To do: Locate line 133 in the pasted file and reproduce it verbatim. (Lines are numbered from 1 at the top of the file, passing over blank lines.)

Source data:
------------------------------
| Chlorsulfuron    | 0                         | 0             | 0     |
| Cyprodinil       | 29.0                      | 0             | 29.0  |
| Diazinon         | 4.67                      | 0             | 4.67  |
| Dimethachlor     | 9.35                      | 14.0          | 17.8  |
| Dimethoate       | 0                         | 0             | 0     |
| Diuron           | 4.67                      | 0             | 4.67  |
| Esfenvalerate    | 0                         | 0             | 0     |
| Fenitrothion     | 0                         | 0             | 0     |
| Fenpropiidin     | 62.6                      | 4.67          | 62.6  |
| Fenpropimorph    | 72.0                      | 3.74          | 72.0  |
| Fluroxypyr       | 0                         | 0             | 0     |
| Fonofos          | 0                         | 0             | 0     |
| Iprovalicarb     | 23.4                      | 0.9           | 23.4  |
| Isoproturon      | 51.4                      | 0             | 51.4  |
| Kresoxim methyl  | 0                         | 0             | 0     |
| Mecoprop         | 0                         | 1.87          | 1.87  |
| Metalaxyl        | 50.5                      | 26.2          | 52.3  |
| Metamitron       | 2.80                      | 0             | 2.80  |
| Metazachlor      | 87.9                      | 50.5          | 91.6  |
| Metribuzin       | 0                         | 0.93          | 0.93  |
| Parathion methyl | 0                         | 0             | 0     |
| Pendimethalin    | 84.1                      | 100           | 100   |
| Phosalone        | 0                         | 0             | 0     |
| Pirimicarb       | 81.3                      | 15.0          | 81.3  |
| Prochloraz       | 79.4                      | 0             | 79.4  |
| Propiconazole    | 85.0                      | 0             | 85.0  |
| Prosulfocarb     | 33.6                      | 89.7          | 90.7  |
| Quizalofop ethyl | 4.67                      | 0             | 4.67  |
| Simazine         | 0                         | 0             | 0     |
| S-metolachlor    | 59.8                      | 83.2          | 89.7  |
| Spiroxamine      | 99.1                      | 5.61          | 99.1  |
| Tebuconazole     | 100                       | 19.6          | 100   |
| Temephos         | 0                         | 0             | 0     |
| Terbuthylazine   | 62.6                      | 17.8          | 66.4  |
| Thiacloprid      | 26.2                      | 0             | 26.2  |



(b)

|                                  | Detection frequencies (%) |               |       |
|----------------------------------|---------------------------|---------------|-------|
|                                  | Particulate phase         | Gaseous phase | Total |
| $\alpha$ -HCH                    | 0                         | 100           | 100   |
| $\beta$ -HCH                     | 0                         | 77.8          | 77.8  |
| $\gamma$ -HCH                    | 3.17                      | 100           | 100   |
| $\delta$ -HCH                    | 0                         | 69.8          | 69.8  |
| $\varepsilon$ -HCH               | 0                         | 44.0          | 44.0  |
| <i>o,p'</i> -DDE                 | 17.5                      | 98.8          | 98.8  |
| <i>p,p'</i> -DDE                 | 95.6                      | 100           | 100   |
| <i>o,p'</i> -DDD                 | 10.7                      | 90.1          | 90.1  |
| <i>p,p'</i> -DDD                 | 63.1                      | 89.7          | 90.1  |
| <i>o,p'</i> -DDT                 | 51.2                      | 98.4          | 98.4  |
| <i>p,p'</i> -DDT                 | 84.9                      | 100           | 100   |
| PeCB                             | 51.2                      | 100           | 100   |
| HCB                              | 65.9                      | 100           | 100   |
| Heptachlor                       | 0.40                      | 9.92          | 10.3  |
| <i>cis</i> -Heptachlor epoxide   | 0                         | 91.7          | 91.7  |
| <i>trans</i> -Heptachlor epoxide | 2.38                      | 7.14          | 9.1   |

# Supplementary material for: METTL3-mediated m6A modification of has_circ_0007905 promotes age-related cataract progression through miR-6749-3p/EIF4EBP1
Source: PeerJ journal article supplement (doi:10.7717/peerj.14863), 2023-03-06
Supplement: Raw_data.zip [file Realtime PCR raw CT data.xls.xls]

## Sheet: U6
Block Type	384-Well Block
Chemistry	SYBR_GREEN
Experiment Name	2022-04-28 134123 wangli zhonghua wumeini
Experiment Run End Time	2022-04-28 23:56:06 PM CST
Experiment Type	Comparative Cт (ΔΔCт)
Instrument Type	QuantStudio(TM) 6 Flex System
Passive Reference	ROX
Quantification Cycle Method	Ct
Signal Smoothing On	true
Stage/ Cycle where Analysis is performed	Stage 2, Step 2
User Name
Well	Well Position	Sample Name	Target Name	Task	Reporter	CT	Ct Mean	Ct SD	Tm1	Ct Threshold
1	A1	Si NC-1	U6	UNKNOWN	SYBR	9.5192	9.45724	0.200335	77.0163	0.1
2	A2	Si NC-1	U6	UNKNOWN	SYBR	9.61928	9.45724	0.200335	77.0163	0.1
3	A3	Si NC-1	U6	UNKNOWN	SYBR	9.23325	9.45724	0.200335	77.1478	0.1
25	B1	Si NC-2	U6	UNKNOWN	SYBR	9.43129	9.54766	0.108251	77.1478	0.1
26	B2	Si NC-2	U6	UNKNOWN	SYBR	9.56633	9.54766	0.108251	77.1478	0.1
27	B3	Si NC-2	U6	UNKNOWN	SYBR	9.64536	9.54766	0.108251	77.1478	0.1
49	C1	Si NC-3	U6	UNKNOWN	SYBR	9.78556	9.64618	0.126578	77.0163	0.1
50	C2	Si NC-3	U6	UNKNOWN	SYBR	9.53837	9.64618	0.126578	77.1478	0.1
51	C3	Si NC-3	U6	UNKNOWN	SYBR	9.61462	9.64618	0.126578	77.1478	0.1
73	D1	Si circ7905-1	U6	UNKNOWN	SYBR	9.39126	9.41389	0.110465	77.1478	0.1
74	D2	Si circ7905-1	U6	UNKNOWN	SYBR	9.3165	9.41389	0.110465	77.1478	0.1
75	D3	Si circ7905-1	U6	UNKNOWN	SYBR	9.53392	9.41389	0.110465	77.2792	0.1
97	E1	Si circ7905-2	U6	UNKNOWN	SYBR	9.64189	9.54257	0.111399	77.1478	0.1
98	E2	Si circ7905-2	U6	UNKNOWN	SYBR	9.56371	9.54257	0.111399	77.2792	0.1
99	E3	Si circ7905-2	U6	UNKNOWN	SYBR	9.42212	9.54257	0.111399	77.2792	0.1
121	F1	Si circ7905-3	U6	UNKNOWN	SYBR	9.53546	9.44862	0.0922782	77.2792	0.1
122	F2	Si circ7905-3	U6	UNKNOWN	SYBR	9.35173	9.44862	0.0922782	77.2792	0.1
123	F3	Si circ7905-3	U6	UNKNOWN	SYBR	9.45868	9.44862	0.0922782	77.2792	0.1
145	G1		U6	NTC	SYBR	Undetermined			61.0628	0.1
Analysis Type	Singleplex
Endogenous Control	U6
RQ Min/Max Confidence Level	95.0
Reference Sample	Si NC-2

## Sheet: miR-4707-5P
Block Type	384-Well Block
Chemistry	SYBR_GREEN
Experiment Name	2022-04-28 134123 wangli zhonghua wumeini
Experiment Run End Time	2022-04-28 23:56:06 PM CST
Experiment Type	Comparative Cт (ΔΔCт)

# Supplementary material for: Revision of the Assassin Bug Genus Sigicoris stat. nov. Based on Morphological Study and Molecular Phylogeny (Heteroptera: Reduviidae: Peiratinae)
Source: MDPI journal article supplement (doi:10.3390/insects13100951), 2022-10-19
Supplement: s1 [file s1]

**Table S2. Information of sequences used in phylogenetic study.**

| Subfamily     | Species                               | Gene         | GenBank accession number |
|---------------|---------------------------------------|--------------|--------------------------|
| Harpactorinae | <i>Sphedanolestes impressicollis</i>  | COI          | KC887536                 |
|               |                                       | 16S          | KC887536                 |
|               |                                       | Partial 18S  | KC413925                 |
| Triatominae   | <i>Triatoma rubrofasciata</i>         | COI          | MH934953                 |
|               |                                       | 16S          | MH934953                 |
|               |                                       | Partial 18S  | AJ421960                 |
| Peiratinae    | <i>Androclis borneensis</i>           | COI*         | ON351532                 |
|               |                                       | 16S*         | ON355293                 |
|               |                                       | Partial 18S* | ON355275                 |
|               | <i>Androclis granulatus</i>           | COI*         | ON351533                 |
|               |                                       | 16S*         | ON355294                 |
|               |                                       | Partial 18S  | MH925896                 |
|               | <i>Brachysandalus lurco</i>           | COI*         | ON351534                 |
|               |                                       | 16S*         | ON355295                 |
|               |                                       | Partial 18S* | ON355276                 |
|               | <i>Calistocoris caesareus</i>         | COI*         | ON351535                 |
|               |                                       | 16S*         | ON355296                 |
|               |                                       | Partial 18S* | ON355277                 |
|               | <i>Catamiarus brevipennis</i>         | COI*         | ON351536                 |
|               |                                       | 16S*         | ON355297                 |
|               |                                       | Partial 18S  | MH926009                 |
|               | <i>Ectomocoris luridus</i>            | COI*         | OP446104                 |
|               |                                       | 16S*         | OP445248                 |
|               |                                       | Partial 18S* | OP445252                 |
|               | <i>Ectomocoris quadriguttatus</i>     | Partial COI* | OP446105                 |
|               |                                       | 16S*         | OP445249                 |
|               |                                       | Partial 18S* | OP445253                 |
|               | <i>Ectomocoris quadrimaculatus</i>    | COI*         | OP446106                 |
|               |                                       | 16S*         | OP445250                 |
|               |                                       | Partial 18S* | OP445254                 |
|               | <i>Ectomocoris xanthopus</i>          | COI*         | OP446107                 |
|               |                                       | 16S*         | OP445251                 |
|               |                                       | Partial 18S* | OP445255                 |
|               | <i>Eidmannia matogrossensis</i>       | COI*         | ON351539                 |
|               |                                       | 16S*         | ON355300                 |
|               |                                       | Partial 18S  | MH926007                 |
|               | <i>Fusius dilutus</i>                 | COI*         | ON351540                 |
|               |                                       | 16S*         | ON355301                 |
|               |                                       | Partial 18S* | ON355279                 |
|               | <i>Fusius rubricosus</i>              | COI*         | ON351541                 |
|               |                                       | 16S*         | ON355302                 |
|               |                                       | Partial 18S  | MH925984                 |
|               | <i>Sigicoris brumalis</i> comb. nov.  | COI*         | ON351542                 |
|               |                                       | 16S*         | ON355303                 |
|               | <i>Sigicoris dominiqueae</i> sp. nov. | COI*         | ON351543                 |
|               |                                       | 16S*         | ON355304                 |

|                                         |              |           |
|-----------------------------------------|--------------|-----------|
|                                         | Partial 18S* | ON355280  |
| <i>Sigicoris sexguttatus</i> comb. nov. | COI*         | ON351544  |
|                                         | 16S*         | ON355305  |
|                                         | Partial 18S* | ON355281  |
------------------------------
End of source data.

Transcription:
|               |                                       | Partial 18S* | OP445253                 |